In these past weeks I have been edified also to see priests offering their bodies for their people. I have seen your pastor Fr. David pushing a snow blower, heard from two different priests about their carpentry projects, and known of others traveling to Advent penance services and to visit the homebound. Our bodies in motion bring Christ to others. There are others too, whom we do not hear about, but who are known among the saints. Their bodies are broken and they offer this suffering to God for the good of others.
Recall the song about the drummer boy who thought he had nothing and the medieval story of the Juggler of Notre Dame. The drummer boy played for the Christ Child and the juggler gave a performance at a shrine of Mary, each offered in love his physical talent. In these stories of holy imagination we hear an echo of the sinful woman who quietly washed with her tears the feet of Jesus, wiped them with her hair, kissed them and anointed them with costly perfume. Jesus took her action as a preparation for the burial of His Body and because of this she would be recalled wherever the gospel was preached. More than words then is the power of presence, meeting and ministering to one another in the body.
As we celebrate God’s Incarnation, His flesh taking, to be with and feed us, let us renew our consciousness that he is present to us and resolve to be present to Him and others. Our tech gadgets may be connective tissue of communication, but are not in themselves full presence. Our resolutions can look to our bodies as a locus of renewal for the sake of presence: to know the comfort of sacramental confession and the power of Eucharist received, to rest on the Sabbath, to be quiet and more gentle, to maintain our bodies by good diet and exercise so as to love better, to pray in them, to be present to spouse and children, to deny ourselves so as to say yes to being more present and available for sharing the joy of love’s mystery, to see another’s physical distress and respond, to sing, whistle, and look upon beauty, to endure suffering without complaint, to feel pain and to glance at the crucifix, to see others in various conditions and tempers and know that the Precious Blood was shed for them, to be with Him where He has allowed us to be with Him nowpresent in the present, and to know that we will rise again, glorified! In all these and many other ways we embrace the One who has first embraced us.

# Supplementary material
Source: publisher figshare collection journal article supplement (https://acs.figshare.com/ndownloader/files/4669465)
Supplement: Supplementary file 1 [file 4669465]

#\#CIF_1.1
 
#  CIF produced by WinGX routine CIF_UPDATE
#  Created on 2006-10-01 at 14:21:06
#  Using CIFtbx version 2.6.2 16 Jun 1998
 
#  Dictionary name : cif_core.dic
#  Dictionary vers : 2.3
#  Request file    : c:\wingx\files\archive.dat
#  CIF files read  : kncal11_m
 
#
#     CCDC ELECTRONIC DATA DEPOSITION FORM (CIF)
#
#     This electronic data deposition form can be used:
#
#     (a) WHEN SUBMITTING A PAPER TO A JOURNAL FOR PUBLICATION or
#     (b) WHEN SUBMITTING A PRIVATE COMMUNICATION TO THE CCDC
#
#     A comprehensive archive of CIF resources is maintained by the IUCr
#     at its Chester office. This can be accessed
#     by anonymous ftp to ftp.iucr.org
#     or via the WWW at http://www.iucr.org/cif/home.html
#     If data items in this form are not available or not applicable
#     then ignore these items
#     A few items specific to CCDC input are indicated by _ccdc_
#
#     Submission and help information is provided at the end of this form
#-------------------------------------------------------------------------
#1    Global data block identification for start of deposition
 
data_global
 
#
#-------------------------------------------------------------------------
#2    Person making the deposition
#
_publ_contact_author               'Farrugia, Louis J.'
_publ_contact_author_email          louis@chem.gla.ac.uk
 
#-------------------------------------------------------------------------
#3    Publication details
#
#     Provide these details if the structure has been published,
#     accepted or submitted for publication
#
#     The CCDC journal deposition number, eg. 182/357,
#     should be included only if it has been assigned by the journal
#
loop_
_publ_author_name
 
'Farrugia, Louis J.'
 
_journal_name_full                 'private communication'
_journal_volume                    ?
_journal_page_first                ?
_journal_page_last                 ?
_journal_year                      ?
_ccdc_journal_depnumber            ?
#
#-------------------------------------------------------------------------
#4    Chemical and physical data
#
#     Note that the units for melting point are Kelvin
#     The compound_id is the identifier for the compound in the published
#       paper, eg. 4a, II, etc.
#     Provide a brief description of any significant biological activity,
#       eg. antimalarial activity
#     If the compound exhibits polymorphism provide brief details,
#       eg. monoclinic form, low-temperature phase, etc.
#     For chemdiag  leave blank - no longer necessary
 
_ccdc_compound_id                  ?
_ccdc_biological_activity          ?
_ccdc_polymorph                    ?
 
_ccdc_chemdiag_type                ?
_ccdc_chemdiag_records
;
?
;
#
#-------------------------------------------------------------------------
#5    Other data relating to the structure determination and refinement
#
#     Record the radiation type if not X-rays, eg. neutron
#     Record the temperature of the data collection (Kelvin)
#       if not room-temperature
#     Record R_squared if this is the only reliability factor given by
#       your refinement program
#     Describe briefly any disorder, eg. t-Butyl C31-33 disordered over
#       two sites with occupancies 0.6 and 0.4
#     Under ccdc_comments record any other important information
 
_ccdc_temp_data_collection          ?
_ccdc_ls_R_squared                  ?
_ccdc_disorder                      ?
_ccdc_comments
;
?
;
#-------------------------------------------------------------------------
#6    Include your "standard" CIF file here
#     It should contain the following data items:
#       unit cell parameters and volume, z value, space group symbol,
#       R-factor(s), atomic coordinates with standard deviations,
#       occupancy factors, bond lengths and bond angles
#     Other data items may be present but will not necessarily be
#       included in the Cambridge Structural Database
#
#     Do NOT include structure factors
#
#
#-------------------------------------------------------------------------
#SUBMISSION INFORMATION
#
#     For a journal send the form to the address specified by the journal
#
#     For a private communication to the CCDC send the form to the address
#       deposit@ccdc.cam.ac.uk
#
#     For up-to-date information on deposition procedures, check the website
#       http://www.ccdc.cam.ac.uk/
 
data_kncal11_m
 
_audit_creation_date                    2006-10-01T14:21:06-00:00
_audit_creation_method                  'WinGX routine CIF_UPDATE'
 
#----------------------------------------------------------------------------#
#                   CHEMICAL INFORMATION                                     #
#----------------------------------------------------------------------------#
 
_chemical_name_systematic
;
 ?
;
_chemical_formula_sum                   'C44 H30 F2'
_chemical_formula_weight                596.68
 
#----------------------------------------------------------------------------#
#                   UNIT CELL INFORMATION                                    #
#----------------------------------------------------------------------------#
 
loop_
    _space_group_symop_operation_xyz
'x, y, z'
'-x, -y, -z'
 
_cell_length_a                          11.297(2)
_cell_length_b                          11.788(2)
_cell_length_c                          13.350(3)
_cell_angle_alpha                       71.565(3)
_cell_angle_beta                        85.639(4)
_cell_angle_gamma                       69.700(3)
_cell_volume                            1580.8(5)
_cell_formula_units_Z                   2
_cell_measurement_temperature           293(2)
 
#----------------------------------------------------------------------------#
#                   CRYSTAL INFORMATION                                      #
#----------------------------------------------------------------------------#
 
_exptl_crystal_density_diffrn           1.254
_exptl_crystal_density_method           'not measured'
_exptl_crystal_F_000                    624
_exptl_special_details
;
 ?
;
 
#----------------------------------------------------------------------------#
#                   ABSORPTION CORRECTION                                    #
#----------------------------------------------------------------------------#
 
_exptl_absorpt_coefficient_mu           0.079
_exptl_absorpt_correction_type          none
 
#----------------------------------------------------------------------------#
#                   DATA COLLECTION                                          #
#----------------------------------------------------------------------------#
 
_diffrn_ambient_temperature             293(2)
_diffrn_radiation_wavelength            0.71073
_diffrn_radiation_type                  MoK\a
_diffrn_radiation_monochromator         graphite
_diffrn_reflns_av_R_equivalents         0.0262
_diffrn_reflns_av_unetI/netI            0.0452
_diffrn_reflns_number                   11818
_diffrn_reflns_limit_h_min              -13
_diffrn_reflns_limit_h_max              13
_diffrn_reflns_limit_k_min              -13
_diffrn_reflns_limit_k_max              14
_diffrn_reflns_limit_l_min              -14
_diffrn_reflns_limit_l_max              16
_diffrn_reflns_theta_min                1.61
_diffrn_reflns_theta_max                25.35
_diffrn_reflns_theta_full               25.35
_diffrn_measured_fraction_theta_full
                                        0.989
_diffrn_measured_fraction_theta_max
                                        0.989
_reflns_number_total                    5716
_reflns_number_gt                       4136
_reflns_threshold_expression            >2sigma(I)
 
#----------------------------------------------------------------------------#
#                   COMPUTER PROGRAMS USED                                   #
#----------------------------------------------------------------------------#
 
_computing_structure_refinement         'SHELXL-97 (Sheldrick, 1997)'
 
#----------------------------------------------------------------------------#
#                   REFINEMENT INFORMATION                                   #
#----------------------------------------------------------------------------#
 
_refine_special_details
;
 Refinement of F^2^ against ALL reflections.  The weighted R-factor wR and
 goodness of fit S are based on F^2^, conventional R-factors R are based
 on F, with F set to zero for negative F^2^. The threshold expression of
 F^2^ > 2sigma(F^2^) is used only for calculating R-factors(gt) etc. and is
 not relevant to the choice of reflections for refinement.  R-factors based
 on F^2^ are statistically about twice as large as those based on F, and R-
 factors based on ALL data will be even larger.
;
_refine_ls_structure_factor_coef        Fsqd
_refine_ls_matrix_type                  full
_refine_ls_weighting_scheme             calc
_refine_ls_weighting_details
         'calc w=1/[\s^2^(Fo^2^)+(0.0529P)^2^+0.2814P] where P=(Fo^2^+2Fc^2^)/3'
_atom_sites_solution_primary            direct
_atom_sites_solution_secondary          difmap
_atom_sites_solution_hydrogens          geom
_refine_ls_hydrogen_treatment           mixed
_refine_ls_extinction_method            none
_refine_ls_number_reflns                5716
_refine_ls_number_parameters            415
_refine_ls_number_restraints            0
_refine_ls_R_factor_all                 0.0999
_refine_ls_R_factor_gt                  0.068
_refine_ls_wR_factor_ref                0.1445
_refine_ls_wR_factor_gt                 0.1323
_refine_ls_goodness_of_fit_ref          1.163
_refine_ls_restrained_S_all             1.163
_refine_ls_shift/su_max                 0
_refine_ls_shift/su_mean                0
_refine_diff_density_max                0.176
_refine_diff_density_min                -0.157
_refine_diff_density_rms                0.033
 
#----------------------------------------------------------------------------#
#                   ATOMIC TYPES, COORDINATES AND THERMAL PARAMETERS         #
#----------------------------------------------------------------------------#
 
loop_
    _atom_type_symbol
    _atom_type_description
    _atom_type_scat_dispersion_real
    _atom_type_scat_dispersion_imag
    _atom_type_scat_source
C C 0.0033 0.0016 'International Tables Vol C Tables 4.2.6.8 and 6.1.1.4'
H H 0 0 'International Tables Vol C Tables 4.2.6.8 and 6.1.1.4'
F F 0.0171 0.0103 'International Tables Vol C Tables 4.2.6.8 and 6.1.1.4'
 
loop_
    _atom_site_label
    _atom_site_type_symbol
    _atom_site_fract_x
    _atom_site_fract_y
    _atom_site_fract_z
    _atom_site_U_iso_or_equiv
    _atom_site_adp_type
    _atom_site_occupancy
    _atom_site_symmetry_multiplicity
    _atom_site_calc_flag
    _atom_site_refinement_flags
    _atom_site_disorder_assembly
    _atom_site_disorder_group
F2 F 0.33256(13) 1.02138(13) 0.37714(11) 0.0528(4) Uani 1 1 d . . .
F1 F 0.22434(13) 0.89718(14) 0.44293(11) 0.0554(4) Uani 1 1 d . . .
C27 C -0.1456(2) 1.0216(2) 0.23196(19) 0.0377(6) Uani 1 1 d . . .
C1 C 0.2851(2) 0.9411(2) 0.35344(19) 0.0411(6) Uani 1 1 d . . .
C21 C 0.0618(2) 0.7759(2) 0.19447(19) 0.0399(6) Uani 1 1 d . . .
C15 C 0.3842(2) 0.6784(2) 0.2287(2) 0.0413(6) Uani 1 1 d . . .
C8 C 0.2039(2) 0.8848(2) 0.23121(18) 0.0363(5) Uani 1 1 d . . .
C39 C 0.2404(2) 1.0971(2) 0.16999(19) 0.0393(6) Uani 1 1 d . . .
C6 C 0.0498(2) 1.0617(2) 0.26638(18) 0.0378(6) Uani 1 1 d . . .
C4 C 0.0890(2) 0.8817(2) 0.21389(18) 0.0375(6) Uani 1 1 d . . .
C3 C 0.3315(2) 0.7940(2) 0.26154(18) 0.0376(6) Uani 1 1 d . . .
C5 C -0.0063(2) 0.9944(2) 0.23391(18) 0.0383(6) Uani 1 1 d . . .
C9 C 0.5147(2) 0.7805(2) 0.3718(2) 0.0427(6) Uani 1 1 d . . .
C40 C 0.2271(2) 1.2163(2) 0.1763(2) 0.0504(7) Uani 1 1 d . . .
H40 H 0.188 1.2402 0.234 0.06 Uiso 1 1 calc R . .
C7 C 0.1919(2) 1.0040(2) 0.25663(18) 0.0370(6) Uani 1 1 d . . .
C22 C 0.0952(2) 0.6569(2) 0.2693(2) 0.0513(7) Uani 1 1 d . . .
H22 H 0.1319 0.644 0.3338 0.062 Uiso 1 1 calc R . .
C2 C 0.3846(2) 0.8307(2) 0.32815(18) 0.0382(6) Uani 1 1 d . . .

St. Ignatius of Loyola recommended to those under his care that they frequently recall the last time they received the Body and Blood of the Lord and to think about the next time they will receive that same Body and Blood. The Lord’s Body given is for our bodies, ourselves, that we too may be, with him, gifts–presence. This is the unity, the communion, of God’s sons and daughters. As our bodies, nourished by His Body and Blood, move in love and worship we can repeat to ourselves the phrase of Pope St. Leo the Great,read in the Christmas Liturgy of the Hours: “Christian remember your dignityâ€¦”–dignity because God has resided in our flesh and transforms it still even while making use of it to carry others.
“Father, I offer you my joy united to the joy of all your saints. I give you the joy you have given me because you have allowed me to witness in my flesh the depth of the mystery of Love manifested through, with, and in the Body of Christ Jesus!” In this hope we await the fullness to be revealed. His mystery present in our bodies with soul becomes our oxygen, our atmosphere, our exercise in which we live and move and have our beingin which we are Home present in the presence of God.